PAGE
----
While home loan providers have witnessed a rebound in investment loans, investors’ share of overall loan commitments continued to contract, according to the latest figures from the Australian Bureau of Statistics.

The value of investor home loans rose 1.4% in October, rebounding from a 3.9% decline in September. Despite this uptick, the proportion of investor loans in overall home financing has dropped to 28%, down from the long-run average of 38%.

"Having declined for 11 straight months since mid-2018, investor lending has turned around registering increase during four of the past five months," said Shane Garret, chief economist at Master Builders Australia.

Also read: Investors Slowly Return To The Market

One explanation behind the falling share of investors is the faster-than-expected growth amongst owner-occupiers who are taking advantage of affordable dwelling prices and the low interest-rate environment.

Owner-occupier financing grew by 2.2% on a monthly basis and 5.7% from a year before. This indicates that owner-occupiers are driving the house-price recovery.

In fact, the average owner-occupier loan size increased by 1% over the month, with the average loan value for the purchase of existing homes rising by over 2%.

"This rebound is being driven by looser monetary conditions, which have enabled the rapid recovery in Sydney and Melbourne house prices," said Maree Kilroy, an economist at BIX Oxford Economics.

However, she said this momentum in established housing markets could result in a double-digit increase in median prices.

CoreLogic head of research Tim Lawless said the improved prospects for capital gains could attract more investors to the housing market.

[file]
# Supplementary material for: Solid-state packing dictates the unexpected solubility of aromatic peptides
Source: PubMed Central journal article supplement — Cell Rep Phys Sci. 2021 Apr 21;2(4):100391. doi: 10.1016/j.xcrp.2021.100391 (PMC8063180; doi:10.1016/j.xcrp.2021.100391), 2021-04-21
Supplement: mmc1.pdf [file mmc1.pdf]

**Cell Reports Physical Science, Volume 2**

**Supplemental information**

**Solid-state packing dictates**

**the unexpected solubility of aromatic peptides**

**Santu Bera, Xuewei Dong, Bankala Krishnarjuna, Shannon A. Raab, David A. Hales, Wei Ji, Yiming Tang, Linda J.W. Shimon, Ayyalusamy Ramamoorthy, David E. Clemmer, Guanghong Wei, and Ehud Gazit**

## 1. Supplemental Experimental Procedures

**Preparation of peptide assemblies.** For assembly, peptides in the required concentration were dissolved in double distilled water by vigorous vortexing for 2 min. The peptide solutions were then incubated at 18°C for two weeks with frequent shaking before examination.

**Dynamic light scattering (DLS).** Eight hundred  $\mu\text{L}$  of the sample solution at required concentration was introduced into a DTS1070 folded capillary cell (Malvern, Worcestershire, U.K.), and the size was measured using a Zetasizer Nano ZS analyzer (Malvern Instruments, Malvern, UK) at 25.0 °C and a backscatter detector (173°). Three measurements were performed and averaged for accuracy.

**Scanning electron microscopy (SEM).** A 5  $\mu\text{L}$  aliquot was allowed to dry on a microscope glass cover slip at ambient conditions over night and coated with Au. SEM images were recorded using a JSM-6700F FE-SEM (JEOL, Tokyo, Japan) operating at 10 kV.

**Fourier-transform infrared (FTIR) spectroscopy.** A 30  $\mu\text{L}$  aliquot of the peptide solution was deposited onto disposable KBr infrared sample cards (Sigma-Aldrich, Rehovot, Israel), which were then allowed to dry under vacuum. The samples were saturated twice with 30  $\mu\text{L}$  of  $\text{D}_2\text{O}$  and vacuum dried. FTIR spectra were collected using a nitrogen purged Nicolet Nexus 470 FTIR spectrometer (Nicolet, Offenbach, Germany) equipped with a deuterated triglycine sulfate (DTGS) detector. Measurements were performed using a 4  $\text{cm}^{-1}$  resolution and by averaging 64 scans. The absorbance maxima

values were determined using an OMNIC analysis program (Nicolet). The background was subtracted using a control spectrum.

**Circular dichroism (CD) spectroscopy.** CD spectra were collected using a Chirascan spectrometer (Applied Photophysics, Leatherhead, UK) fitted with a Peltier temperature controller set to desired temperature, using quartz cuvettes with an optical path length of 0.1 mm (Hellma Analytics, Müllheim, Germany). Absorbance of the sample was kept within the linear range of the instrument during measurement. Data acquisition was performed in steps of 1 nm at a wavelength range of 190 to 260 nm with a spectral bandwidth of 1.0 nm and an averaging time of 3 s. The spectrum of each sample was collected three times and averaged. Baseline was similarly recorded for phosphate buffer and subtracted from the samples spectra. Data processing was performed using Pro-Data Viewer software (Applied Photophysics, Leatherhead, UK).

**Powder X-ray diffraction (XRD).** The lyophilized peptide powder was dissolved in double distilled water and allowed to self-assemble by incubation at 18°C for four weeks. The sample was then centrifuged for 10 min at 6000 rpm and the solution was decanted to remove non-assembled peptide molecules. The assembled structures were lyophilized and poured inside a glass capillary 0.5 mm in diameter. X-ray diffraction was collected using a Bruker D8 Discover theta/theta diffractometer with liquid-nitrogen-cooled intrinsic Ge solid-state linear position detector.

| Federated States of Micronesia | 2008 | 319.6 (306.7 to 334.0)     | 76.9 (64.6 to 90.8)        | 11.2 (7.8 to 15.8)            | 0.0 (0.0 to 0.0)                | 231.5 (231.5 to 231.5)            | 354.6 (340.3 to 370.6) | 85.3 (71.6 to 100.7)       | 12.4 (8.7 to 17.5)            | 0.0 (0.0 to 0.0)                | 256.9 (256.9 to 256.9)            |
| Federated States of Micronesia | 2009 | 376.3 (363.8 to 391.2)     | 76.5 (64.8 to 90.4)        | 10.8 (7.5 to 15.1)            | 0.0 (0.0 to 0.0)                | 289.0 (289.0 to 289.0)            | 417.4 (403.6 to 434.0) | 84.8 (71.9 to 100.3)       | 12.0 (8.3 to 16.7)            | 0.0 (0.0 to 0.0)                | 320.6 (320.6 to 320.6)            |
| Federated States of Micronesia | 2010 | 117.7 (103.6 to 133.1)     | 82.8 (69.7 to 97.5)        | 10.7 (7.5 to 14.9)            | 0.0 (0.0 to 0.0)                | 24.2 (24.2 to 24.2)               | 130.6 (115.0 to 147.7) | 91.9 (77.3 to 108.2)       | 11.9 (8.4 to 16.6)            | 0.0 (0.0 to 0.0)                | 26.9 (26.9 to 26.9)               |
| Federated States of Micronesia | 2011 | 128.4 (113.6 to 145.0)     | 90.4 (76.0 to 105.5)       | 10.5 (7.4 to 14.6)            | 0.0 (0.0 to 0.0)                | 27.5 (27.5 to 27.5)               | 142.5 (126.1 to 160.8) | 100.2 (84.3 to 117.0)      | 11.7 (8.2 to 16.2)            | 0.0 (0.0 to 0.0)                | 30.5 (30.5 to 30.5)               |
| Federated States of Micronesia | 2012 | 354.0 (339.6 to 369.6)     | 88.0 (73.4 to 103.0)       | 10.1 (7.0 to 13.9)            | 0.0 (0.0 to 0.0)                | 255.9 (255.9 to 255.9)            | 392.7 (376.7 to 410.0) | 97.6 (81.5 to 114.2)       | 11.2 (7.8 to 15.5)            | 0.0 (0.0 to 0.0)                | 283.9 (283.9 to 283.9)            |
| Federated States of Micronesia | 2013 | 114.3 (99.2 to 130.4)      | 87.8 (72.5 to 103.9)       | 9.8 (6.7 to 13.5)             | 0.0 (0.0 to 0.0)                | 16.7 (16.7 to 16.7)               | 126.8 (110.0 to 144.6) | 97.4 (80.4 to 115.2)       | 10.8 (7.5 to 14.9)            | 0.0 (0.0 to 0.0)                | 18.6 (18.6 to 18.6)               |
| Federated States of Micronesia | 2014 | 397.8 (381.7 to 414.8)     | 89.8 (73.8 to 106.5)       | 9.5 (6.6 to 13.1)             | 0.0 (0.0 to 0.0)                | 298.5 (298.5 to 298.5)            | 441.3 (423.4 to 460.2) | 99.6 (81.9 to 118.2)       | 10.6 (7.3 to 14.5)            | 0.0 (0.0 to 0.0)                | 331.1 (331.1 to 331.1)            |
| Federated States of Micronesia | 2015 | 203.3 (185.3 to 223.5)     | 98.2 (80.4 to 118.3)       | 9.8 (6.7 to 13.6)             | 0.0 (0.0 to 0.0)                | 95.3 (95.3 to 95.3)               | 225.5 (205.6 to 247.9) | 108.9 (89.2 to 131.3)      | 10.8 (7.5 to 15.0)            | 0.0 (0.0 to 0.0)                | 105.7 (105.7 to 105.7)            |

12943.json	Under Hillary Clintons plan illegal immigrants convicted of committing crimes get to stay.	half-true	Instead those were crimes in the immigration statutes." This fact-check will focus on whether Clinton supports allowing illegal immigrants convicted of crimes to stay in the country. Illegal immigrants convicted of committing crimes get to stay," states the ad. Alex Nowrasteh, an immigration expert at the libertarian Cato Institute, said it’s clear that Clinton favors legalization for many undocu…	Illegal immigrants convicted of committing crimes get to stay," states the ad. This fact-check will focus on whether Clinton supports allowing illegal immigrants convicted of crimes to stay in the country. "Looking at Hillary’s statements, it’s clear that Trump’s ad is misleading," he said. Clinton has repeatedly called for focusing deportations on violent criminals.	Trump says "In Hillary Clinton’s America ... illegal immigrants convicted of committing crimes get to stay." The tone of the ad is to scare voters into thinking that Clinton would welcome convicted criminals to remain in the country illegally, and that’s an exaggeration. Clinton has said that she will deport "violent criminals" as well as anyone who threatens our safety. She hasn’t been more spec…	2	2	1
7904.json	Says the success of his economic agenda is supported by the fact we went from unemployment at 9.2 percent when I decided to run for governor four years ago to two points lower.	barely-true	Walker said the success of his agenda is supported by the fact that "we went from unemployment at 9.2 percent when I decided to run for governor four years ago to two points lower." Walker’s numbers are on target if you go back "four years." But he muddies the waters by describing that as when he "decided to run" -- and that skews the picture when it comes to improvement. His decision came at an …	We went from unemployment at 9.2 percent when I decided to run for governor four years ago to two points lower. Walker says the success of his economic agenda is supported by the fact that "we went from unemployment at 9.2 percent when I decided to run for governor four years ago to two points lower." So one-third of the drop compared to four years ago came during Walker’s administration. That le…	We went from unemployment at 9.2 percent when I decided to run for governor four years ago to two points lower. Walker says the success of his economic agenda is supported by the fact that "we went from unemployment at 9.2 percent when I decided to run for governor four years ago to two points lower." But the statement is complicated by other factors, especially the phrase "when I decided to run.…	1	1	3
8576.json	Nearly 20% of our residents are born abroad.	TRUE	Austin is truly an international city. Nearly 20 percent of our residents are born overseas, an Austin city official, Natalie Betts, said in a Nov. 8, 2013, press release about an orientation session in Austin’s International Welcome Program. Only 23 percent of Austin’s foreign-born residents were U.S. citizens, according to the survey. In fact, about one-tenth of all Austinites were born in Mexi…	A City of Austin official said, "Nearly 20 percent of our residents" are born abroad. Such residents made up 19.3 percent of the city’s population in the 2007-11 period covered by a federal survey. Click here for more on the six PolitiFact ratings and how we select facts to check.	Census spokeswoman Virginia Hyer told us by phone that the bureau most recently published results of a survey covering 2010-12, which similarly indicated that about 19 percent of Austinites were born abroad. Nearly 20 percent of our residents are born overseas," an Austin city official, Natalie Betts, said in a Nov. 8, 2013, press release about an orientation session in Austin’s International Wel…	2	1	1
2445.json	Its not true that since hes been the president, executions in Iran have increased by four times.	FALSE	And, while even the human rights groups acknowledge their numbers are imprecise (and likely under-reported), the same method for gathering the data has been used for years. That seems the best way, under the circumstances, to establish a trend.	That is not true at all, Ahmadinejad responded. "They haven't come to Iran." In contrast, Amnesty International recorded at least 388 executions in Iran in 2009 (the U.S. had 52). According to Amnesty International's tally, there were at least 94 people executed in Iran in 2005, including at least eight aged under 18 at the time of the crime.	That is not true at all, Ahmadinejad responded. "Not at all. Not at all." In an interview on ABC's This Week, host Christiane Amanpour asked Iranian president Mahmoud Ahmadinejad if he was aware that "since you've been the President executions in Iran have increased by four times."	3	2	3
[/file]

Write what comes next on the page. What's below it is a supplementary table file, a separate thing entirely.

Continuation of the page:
"Additionally, credit policies have loosened, and lenders are becoming more competitive for investment borrowers," he said.

Interestingly, the gap between mortgage rates and rental yields could result in properties to be in a favourable cash-flow scenario from the outset of the purchase. In fact, the average interest rate for a three-year fixed investor mortgage is 3.8%, just a little higher than the combined capital city rental yield at 3.7%.

"The spread between fixed-rate mortgages and gross rental yields hasn't been this narrow since at least 2005," Lawless said.

With this, he said investor participation could increase in the coming year. However, as investors start to boost their presence in the market, first-home buyers are likely to retreat.

"The trend in these two segments of the market is typically counter to each other; more investors, less first-home buyers and vice versa," Lawless said.

First-home buyers recorded an increase in loan commitments in October. On a monthly basis, first-home buyer loans grew by 1%. The gain becomes more significant on an annual basis, rising by 18.5%.

"First-home buyer activity remains strong despite the increase in house prices. They now account for nearly 30% of all buyers," said Tim Reardon, Housing Industry Association chief economist.

Interest rate cuts, tax relief, and easing of lending rules would likely continue to have a positive impact on the market, he said.

"If these conditions remain, the market will stabilise during 2020, at levels well below those experienced in recent years," Reardon said.